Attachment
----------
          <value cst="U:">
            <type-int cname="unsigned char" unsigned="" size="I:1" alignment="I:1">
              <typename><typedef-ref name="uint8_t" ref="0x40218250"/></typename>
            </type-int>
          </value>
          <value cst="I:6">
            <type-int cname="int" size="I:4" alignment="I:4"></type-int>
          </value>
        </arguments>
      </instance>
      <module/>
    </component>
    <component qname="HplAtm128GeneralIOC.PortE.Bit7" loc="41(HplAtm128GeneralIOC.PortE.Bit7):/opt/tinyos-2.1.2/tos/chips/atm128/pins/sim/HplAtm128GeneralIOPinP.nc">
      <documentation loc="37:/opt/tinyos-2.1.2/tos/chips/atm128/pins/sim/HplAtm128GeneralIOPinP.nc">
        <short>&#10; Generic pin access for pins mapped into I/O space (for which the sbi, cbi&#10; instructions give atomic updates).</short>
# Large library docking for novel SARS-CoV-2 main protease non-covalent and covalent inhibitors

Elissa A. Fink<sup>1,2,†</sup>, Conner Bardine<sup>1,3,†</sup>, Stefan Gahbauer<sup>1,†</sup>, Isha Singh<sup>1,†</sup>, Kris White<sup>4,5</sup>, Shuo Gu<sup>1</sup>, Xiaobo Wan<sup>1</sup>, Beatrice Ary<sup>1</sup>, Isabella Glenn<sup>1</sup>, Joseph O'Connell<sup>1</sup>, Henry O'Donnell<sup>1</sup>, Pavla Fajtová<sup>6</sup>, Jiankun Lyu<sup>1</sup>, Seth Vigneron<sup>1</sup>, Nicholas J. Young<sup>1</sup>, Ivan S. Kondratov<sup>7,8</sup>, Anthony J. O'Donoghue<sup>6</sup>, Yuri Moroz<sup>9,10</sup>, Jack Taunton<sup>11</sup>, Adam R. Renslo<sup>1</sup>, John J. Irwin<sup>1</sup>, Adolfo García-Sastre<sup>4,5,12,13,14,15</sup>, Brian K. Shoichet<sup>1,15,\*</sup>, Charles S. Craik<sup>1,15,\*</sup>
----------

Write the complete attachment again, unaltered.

          <value cst="U:">
            <type-int cname="unsigned char" unsigned="" size="I:1" alignment="I:1">
              <typename><typedef-ref name="uint8_t" ref="0x40218250"/></typename>
            </type-int>
          </value>
          <value cst="I:6">
            <type-int cname="int" size="I:4" alignment="I:4"></type-int>
          </value>
        </arguments>
      </instance>
      <module/>
    </component>
    <component qname="HplAtm128GeneralIOC.PortE.Bit7" loc="41(HplAtm128GeneralIOC.PortE.Bit7):/opt/tinyos-2.1.2/tos/chips/atm128/pins/sim/HplAtm128GeneralIOPinP.nc">
      <documentation loc="37:/opt/tinyos-2.1.2/tos/chips/atm128/pins/sim/HplAtm128GeneralIOPinP.nc">
        <short>&#10; Generic pin access for pins mapped into I/O space (for which the sbi, cbi&#10; instructions give atomic updates).</short>
# Large library docking for novel SARS-CoV-2 main protease non-covalent and covalent inhibitors

Elissa A. Fink<sup>1,2,†</sup>, Conner Bardine<sup>1,3,†</sup>, Stefan Gahbauer<sup>1,†</sup>, Isha Singh<sup>1,†</sup>, Kris White<sup>4,5</sup>, Shuo Gu<sup>1</sup>, Xiaobo Wan<sup>1</sup>, Beatrice Ary<sup>1</sup>, Isabella Glenn<sup>1</sup>, Joseph O'Connell<sup>1</sup>, Henry O'Donnell<sup>1</sup>, Pavla Fajtová<sup>6</sup>, Jiankun Lyu<sup>1</sup>, Seth Vigneron<sup>1</sup>, Nicholas J. Young<sup>1</sup>, Ivan S. Kondratov<sup>7,8</sup>, Anthony J. O'Donoghue<sup>6</sup>, Yuri Moroz<sup>9,10</sup>, Jack Taunton<sup>11</sup>, Adam R. Renslo<sup>1</sup>, John J. Irwin<sup>1</sup>, Adolfo García-Sastre<sup>4,5,12,13,14,15</sup>, Brian K. Shoichet<sup>1,15,\*</sup>, Charles S. Craik<sup>1,15,\*</sup>